FAQ: Writing with XML
The following is my user's perspective on using XML with the Arbortext Epic XML editing environment at a startup in 2001. Some of this may have changed. --andreas
There's tremendous interest in XML. It's been around for a number of years, but it was always a "coming soon to a theater near you" kind of thing. We had FrameMaker or Word, and both of those could produce documentation from concept-to-print. One could do everything in one platform (for example, write in Word on PC, output to PDF, and view a PDF on a PC.) One really didn't need another solution, nor was there much need for cross-platform solutions (companies and their users either live on Windows or on UNIX, and in most cases, they aren't obligated to use the other platform.) XML was the solution, but there wasn't a problem.
In the last few years (1999-2001), we've seen an extreme proliferation of platforms. Windows and UNIX are no longer the only platforms. We now have Palm PDAs (Palm, Handspring, Sony Cleo) and many other kinds of PDAs (go into any office store and you'll see a dozen different types of PDAs,) dozens of cell phones, WebTV, Tivo, other TV devices, and so on. All of these devices are linkable. This means documentation needs to be able to output content to multiple devices with different OS (such as a Palm devices or WAP cell phones) and screens (19" color screens vs a 3" (diagonal) PDA black-and-white screen.) All of this can be delivered via the web or wireless as well.
So... XML's long-awaited problem has finally arrived: multiple interlinked platforms. If you want an XML mission statement: Write a single text file and have it automatically outputted in different formats for different devices and distribute it automatically via web or wireless.
For corporate documentation, the end of Frame and Word is in sight. Just as HTML became a standard (for the past few years at work, I write nearly everything in only XML or HTML,) XML will become the standard format for documentation. XML has other advantages: it is license-free (no company owns it,) platform-independent (it runs on all systems,) and it is easy to develop.
I see a few hands, so let's take some questions.
What about business cases, localization, content re-use, and connection to applications or web sites?
At our startup...
What about costs, ROI (return on investment,) writer productivity, and so on?
What is the experience with semantic taxonomies? Part of the power of SGML/XML is supposed to be content semantics.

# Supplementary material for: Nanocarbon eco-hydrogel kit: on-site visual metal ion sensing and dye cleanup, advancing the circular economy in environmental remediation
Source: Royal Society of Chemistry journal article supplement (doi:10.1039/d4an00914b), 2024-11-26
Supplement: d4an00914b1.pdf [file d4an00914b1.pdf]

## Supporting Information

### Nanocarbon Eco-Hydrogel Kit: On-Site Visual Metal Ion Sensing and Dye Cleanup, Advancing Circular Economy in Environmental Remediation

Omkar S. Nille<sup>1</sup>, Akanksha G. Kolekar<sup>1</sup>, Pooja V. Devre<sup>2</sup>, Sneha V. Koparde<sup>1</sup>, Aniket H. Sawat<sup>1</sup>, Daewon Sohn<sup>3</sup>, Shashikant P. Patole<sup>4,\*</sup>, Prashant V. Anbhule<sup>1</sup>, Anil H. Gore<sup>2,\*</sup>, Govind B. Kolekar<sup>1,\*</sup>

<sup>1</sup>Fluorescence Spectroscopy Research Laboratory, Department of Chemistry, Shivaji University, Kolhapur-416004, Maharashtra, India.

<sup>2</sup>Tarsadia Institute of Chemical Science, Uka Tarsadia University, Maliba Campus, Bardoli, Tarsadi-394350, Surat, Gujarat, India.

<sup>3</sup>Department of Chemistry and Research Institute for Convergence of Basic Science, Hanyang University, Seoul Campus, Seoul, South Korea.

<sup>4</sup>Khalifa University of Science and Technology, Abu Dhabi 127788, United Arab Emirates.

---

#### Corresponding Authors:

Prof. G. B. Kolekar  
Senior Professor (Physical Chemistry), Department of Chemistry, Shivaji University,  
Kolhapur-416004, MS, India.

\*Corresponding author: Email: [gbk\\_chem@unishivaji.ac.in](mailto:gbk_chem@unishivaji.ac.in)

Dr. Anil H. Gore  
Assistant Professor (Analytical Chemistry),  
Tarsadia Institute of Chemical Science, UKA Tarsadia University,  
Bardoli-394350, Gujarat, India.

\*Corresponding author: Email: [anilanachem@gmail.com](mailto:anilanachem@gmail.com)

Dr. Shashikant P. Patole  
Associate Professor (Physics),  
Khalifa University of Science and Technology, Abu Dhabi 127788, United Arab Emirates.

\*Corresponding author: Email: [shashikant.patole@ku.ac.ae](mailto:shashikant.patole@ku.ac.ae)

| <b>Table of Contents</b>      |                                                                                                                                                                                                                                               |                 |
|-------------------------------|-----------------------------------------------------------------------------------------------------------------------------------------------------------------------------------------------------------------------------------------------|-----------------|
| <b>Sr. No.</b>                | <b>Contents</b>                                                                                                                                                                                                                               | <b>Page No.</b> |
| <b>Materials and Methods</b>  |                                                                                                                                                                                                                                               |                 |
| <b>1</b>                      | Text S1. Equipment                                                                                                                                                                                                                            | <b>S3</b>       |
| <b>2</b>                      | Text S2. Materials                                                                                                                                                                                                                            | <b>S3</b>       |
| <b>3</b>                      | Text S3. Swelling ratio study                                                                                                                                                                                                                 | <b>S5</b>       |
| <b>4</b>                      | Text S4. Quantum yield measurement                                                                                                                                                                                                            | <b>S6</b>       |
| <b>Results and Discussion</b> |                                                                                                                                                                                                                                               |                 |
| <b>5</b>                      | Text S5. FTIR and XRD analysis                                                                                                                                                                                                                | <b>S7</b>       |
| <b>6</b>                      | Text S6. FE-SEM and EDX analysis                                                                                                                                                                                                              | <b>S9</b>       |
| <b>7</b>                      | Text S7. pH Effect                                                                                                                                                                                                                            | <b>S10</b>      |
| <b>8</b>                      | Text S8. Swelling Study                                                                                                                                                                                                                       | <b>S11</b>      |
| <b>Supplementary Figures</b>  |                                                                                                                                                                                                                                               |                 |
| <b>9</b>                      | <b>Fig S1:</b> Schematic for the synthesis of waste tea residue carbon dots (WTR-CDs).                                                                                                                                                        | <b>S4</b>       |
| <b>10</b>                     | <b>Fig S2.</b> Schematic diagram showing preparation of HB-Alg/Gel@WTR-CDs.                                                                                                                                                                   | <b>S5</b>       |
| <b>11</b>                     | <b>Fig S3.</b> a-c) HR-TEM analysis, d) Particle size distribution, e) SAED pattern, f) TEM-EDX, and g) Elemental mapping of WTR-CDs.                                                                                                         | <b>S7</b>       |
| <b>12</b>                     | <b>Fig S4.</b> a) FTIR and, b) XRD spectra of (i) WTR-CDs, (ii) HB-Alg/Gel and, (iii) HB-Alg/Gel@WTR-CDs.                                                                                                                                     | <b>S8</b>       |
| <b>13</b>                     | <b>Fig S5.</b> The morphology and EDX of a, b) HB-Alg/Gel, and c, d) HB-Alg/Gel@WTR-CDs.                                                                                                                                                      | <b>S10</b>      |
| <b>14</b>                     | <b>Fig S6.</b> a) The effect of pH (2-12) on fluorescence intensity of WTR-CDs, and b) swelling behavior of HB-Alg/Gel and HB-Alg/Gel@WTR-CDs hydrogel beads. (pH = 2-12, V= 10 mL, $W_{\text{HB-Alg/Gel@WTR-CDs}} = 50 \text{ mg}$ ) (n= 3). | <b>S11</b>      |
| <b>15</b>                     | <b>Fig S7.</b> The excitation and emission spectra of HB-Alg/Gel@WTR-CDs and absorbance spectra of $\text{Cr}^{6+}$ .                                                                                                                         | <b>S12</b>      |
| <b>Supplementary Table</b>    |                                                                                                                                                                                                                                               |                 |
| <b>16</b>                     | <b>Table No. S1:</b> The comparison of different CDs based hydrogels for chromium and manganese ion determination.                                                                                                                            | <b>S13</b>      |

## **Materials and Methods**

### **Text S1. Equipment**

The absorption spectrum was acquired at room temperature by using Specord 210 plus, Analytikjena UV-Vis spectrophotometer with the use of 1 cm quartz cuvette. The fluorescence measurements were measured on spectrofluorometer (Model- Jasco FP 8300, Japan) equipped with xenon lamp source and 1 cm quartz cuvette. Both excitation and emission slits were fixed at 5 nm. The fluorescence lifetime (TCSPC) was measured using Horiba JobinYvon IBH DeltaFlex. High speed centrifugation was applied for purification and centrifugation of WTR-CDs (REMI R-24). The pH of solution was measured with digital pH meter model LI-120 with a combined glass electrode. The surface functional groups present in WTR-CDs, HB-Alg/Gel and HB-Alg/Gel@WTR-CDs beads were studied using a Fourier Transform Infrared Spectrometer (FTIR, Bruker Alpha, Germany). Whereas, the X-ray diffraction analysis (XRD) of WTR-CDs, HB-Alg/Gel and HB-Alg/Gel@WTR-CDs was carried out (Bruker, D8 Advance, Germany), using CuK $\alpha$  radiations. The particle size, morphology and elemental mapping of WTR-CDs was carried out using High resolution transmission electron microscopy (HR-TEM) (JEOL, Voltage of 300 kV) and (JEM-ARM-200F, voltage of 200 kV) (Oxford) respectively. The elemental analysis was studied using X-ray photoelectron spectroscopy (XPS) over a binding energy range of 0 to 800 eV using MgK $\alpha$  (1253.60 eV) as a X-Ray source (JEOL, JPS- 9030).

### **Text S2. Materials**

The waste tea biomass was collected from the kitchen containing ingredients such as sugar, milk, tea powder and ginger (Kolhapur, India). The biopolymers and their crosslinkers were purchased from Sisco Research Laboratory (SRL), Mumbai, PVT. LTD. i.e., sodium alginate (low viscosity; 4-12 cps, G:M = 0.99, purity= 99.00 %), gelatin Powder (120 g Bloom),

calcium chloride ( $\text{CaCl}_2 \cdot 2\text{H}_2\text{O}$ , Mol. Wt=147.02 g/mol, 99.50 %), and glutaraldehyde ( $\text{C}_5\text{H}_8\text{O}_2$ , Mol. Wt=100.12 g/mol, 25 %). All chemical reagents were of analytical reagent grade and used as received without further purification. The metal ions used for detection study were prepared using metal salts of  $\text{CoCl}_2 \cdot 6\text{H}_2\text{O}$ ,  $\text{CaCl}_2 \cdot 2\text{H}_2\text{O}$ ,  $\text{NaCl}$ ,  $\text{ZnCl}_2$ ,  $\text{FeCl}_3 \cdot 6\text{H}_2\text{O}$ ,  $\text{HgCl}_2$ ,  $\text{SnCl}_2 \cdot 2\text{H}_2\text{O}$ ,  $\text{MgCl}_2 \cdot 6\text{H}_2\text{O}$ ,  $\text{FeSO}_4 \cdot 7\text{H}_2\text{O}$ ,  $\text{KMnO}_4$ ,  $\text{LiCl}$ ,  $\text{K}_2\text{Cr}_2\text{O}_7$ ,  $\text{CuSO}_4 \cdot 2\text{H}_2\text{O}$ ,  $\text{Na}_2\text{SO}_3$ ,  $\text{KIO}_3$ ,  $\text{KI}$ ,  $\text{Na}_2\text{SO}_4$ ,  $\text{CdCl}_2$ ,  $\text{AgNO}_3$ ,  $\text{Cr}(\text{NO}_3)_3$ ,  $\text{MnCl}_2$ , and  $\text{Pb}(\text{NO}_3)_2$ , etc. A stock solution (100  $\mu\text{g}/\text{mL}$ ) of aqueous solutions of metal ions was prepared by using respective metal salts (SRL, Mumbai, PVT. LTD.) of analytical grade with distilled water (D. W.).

What about control over layout on various platforms?
What does XML means to writers?
For the last 15 years, tech pubs for me was a draft-to-print process. I did the text, the layout, the production, worked with print vendors, supervised the book printing, and so on. The value of technical writers was in the collection of skills in creating printed books.
XML sales critters will say "XML allows you to be your Inner Writer!" But folks, to be honest here, writers aren't highly paid for their Inner Writer. They're highly paid for their Inner Graphics Dude, their Inner Print Vendor Relations Person, and their Inner Nerd who can use 10 different tools and two dozen undocumented kludges to produce a printed manual.
Some people may say that a writer's real skill is SME (Subject Matter Expertise,) such as SQL, telecoms, VoIP, or whatever. Yes, there's a value in that, but the real value is the production skills: they can produce and deliver books.
Look, to put it differently, before XML, writers were the chef at a little French restaurant where they could whip up hors d'ouvres, make turtle soup from scratch, prepare the seared Atlantic salmon, select the wines, follow up with a perfect handmade creme brulee, train the waiters, set the flower arrangements, pick the music for the violins, and so on. We did it all and no one else could do it.
With XML, we chop lettuce, dump it into the Happy Clown, and it spits out a burger. We don't even get to make fries.
At the moment, very few people know how to use XML, and there's demand for it, but from a writer's point of view, it's easier to use than HTML, and we all know how well THAT is paid. For the writer, XML requires very few skills, and that may lead to a drop in income. Small shops may continue to ignore XML, either because they are reluctant to spend $50,000, or they don't need to output to ten devices simultaneously. But I'd guess that most mid-sized and larger companies will switch to XML in the next few years because it allows better/cheaper/faster distribution of content.
(Update: Feb. 2005. I reviewed this document. In 2001, we didn't realize the impact of offshoring. In 2002 and 2003, tens of thousands of jobs were offshored. Now, in early 2005, I would not advise anyone to go into technical writing as a profession. Writers can be hired in India or Malaysia for $2 per hour. It would not make much sense for a company in the USA to install an XML system and hire US writers if they can get the same results at a fraction of the cost in Southeast Asia. If your company wants an XML solution, I suggest you first talk with companies that provide offshoring services. -- andreas)
All of this is my experience. Your mileage may vary. If you're using XML, write to me about XML.
Here's a writer's point-of-view on using the Arbortext Epic editor to create XML.comments powered by Disqus